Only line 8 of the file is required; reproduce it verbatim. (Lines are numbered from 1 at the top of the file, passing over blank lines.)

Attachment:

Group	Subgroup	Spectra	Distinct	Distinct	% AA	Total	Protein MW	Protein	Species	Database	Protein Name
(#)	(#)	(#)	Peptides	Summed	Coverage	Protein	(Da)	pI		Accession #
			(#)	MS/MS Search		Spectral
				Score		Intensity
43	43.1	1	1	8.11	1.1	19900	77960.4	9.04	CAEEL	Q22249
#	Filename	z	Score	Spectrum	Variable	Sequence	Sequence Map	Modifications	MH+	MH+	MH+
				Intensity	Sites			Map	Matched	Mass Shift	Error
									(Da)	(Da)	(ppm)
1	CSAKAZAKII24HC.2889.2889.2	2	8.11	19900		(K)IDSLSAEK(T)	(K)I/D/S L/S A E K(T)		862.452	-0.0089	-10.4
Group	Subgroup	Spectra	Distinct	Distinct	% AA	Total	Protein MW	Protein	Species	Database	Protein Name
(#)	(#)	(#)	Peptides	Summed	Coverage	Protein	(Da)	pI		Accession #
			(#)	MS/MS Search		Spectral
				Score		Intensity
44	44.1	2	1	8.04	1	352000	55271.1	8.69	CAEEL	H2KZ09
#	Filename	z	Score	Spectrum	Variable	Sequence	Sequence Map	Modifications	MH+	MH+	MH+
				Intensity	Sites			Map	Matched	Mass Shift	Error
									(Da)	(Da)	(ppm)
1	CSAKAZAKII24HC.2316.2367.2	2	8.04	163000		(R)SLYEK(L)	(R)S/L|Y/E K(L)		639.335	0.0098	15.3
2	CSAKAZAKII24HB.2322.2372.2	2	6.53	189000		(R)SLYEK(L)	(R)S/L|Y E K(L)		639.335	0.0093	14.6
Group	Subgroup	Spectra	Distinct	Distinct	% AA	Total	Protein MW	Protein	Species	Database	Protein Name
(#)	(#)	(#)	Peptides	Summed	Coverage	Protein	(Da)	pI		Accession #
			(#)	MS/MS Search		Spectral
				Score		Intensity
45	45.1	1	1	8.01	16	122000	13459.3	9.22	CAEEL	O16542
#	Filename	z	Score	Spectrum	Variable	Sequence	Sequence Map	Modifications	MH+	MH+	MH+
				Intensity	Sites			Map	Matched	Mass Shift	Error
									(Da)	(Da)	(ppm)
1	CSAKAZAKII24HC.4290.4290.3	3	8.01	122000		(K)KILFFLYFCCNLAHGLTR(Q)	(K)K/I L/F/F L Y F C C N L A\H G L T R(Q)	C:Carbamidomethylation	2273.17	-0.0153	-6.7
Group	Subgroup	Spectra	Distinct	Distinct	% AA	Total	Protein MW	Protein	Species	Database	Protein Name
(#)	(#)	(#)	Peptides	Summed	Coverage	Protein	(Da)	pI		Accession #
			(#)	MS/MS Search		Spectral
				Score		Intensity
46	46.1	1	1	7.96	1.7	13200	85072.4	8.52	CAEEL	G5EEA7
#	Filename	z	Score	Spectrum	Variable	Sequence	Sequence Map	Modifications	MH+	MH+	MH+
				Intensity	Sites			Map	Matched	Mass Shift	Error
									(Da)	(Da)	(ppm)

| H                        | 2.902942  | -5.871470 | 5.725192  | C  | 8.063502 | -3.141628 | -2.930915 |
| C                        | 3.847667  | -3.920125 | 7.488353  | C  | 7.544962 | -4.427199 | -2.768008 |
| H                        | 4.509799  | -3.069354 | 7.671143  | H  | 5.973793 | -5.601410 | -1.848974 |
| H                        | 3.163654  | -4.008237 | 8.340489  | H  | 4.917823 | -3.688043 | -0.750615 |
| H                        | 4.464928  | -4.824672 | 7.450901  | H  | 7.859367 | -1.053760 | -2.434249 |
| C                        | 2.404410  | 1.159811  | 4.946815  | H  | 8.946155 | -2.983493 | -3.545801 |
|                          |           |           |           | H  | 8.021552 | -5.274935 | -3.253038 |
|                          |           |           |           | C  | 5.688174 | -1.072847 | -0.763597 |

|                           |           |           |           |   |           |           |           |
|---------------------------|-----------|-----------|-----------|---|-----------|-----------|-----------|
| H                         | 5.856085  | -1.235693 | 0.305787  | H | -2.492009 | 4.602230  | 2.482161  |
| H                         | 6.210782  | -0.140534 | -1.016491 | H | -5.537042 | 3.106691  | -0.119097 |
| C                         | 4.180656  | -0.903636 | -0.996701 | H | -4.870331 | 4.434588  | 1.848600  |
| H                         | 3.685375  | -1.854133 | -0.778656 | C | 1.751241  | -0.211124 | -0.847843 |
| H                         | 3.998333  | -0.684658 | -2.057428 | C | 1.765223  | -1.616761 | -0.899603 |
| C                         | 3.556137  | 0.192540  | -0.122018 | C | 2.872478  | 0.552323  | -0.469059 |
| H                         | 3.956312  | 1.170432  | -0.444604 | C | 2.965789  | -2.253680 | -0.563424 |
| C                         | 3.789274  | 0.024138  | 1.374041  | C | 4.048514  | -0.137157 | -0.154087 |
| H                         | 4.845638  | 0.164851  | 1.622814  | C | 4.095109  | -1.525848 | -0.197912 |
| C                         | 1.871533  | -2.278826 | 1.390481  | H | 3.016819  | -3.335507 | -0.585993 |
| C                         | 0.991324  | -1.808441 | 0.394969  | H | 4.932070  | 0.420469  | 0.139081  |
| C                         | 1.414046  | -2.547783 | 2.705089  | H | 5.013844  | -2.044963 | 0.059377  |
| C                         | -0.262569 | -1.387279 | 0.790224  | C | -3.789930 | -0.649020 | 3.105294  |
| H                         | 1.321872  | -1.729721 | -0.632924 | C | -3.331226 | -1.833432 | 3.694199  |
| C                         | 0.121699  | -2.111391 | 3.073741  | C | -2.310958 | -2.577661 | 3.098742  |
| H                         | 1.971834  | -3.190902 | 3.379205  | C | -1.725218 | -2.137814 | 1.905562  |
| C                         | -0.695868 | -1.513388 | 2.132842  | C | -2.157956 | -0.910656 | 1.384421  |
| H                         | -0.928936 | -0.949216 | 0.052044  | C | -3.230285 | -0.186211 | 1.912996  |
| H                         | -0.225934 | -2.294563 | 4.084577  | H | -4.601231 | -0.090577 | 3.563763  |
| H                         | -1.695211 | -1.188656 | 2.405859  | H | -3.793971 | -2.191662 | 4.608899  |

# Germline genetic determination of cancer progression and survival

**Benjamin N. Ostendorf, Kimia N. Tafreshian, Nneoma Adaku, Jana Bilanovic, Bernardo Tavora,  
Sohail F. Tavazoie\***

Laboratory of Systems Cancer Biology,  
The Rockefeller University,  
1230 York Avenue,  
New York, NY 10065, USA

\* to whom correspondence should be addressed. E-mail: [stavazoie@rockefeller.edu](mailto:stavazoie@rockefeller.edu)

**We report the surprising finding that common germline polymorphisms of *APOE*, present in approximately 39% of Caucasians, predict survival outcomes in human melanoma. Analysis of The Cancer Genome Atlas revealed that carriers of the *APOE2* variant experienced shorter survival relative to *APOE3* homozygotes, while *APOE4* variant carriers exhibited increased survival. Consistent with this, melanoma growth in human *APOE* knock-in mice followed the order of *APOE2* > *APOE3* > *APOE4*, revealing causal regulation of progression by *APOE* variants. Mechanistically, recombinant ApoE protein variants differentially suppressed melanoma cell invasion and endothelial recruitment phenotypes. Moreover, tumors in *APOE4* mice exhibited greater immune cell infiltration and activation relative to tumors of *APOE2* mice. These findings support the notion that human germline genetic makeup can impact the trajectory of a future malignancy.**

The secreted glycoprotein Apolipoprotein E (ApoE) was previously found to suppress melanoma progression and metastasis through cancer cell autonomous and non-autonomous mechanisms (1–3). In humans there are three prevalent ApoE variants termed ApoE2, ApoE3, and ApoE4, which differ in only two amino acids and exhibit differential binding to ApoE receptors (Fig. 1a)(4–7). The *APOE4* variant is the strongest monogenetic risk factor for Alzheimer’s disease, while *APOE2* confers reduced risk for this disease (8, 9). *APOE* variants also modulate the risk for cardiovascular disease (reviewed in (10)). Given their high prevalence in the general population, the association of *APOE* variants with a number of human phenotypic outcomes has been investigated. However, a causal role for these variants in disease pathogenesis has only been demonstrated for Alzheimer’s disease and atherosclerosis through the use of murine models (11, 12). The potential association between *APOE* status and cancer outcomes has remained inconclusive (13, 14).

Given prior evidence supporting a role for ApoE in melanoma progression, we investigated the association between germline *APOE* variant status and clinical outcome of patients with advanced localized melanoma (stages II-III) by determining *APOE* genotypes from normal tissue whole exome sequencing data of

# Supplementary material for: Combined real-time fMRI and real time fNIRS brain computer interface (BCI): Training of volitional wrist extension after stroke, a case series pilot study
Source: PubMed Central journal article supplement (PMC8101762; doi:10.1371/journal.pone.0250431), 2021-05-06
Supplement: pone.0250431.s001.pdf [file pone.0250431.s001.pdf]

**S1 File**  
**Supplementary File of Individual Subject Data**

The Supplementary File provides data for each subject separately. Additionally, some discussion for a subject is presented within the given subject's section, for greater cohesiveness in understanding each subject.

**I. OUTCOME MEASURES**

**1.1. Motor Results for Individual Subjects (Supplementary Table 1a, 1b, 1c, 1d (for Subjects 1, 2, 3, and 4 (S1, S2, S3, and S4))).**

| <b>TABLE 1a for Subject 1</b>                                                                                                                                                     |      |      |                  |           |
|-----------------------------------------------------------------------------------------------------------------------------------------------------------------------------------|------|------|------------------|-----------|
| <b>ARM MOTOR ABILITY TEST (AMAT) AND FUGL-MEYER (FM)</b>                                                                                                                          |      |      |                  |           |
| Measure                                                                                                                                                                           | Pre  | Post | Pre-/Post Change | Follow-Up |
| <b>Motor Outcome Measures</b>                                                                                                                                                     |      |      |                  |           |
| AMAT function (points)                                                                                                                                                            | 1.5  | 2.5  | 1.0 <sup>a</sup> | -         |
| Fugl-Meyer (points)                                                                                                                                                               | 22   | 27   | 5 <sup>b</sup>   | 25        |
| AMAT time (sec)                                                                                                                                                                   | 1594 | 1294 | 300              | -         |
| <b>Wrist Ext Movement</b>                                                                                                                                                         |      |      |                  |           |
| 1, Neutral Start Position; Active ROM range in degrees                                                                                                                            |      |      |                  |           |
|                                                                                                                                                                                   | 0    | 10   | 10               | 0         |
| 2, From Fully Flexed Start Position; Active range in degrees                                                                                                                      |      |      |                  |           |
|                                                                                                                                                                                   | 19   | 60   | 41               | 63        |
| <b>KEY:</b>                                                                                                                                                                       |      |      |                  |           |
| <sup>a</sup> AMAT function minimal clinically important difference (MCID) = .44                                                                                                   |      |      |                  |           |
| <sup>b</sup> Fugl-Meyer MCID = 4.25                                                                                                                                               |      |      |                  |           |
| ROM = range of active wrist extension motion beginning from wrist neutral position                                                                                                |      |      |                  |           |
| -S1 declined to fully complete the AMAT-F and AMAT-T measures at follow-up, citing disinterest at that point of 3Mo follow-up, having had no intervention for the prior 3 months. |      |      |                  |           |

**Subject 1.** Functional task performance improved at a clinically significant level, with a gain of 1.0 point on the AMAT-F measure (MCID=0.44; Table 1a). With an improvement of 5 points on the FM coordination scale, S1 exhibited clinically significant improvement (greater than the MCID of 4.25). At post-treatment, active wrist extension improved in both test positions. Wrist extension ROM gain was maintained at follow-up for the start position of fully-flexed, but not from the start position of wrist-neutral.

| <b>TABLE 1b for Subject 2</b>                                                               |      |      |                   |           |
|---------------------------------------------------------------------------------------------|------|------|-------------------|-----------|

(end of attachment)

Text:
									(Da)	(Da)	(ppm)